The details of a paper-based prototype diagnostic device used to detect the Zika virus, have been published in the journal, Cell. The portable device was able to identify the virus in the blood and saliva of infected monkeys.
The Aedes mosquito is the primary vector responsible for transmitting the Zika virus to humans. Though the majority of those that become infected show only mild symptoms, the virus has been connected to cases of microcephaly in newborns, as well as other serious birth defects.
Because of the virus’ potential to compromise prenatal health and development in pregnant women that become infected with Zika, researchers are frantically trying to develop better diagnostic tests to control the spread of the outbreak. Among these researchers are James Collins, of the Wyss Institute for Biologically Inspired Engineering at Harvard University in Boston and his colleagues, who have developed a test capable of detecting small amounts of the Zika virus in multiple biological samples.
The researchers previously published the details of paper-based diagnostic utilizing sensors capable of detecting nucleic acids characteristic of Ebola and other RNA viruses. The latest research combines the RNA detection system with a CRISPR-based module to create a freeze-dried diagnostic for the Zika virus.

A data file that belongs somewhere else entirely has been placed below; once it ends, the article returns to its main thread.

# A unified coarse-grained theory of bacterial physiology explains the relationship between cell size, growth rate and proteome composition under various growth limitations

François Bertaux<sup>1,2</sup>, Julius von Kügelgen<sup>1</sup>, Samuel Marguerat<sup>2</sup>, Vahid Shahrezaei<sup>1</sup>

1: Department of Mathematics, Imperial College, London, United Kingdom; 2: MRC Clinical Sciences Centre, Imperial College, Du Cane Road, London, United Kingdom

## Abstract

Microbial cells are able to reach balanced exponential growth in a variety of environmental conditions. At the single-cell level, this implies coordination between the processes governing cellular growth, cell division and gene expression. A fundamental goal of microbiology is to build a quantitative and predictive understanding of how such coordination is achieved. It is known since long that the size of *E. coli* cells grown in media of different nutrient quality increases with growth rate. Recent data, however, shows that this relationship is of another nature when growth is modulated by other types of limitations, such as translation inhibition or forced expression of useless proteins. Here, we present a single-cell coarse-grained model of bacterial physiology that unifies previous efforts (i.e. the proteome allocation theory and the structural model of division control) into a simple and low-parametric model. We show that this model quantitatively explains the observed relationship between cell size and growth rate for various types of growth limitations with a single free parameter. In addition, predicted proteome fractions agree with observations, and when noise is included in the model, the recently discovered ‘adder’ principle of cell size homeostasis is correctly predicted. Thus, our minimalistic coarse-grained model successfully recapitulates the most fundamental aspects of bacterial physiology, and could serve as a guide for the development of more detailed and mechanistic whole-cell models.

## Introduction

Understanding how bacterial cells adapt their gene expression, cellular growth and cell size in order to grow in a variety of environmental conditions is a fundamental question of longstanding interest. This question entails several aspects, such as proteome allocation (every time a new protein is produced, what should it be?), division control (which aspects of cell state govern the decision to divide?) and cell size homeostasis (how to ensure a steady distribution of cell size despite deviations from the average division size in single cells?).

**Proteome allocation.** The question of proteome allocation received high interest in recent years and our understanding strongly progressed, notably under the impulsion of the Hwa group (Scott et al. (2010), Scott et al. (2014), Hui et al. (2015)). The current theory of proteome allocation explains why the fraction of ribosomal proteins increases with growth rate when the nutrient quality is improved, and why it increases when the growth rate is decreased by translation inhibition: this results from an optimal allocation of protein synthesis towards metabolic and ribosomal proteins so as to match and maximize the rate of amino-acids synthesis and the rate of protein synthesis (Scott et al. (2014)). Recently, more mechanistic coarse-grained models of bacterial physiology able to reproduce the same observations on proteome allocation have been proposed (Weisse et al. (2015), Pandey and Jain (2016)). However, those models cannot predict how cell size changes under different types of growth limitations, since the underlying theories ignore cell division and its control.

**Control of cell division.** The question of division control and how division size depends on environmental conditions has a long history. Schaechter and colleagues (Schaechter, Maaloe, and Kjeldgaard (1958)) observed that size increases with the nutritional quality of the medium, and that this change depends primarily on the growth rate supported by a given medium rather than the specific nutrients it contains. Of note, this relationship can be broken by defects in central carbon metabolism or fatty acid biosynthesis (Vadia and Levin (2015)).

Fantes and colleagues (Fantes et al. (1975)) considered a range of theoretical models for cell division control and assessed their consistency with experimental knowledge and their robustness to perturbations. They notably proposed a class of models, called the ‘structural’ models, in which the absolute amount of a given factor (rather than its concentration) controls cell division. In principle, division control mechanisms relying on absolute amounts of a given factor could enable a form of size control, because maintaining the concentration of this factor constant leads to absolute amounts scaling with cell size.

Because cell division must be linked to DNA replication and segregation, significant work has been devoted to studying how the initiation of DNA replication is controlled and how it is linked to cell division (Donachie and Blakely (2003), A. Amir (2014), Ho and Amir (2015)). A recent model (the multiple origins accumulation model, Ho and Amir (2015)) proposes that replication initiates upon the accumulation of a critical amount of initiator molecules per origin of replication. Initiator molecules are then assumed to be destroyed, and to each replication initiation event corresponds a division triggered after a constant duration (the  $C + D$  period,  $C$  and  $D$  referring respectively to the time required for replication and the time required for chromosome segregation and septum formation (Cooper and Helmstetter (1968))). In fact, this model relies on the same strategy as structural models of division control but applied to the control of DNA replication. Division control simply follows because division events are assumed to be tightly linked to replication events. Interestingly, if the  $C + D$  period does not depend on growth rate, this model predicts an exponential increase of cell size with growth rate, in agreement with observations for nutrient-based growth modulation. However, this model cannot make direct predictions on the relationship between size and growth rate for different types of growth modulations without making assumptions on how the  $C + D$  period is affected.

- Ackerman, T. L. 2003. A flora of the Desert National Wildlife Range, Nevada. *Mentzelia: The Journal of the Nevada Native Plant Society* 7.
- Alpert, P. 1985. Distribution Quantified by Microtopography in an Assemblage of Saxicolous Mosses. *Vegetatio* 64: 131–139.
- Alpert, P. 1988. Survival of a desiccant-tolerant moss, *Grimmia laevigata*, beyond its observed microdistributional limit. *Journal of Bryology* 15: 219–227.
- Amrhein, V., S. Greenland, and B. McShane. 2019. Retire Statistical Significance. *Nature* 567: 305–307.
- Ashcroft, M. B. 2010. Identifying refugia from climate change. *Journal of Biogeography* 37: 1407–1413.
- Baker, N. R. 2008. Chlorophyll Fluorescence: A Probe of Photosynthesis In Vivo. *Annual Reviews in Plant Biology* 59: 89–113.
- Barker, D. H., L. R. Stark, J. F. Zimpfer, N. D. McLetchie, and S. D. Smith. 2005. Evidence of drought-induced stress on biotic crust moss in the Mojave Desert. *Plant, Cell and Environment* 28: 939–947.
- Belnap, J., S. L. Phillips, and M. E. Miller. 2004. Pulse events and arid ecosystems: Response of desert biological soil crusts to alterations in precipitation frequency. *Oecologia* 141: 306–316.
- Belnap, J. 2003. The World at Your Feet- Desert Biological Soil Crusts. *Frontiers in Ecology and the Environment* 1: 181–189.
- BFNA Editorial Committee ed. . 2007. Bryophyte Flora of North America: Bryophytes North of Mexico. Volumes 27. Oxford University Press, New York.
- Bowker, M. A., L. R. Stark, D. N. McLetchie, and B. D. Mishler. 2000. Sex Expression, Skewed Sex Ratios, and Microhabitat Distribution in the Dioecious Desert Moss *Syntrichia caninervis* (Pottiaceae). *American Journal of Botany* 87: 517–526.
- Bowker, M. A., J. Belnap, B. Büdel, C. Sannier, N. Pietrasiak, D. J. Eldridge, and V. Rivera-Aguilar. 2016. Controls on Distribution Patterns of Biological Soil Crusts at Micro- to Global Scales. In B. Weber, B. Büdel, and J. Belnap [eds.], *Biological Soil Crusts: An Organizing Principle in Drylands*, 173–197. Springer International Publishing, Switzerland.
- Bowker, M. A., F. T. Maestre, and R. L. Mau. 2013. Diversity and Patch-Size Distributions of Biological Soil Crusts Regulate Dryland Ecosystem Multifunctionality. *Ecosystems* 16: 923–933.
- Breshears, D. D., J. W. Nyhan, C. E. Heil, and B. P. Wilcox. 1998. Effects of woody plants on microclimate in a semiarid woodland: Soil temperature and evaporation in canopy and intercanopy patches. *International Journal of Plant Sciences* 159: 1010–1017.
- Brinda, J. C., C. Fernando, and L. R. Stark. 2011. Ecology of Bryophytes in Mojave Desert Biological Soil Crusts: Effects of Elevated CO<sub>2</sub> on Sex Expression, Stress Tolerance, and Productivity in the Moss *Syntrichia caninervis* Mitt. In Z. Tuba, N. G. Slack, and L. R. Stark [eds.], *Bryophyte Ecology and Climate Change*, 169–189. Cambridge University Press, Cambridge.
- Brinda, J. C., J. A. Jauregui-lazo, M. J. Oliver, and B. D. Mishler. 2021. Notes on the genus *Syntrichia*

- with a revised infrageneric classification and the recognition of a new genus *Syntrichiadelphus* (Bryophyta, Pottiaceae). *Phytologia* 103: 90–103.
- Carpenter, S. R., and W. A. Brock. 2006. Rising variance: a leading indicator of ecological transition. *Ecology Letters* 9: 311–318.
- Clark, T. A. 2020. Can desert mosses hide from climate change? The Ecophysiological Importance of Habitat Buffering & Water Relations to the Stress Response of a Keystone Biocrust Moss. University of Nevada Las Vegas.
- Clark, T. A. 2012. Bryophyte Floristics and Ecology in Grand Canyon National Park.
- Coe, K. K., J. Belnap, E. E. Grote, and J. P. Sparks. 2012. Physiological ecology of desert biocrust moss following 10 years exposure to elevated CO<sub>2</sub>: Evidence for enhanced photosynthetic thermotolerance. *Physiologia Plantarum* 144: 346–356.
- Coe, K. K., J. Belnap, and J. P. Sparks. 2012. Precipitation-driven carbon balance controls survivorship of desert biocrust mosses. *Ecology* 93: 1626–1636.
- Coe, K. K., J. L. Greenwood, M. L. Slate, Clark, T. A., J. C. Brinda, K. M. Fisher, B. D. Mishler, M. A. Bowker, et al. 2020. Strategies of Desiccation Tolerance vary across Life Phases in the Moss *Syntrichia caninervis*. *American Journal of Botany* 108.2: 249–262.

The test produces a colour change in the presence of the Zika virus. When the device was used to test blood and saliva samples taken from Zika-positive monkeys, the colourimetric detection was functional, even at low concentrations of the virus.
The study investigators caution that the device is only in the proof of concept stage. With the right resources however, they say the diagnostic could be ready for clinical use in just a few months.
As current diagnostics sometimes misidentify other viruses related to Zika, the researchers hope this tool could be more reliable. Because the test is portable, it could also help aid workers screen for the virus in areas that are without a centralized hospital or testing facility.
“The test’s low cost and minimal equipment also means that it can be used for monitoring the spread of illnesses across large populations of people, enabling us to monitor the pathogen as an outbreak is occurring,” said Collins. “NGOs [non-governmental organizations] like the World Health Organization (WHO) can use this information to get ahead of an outbreak in order to contain it and save lives.”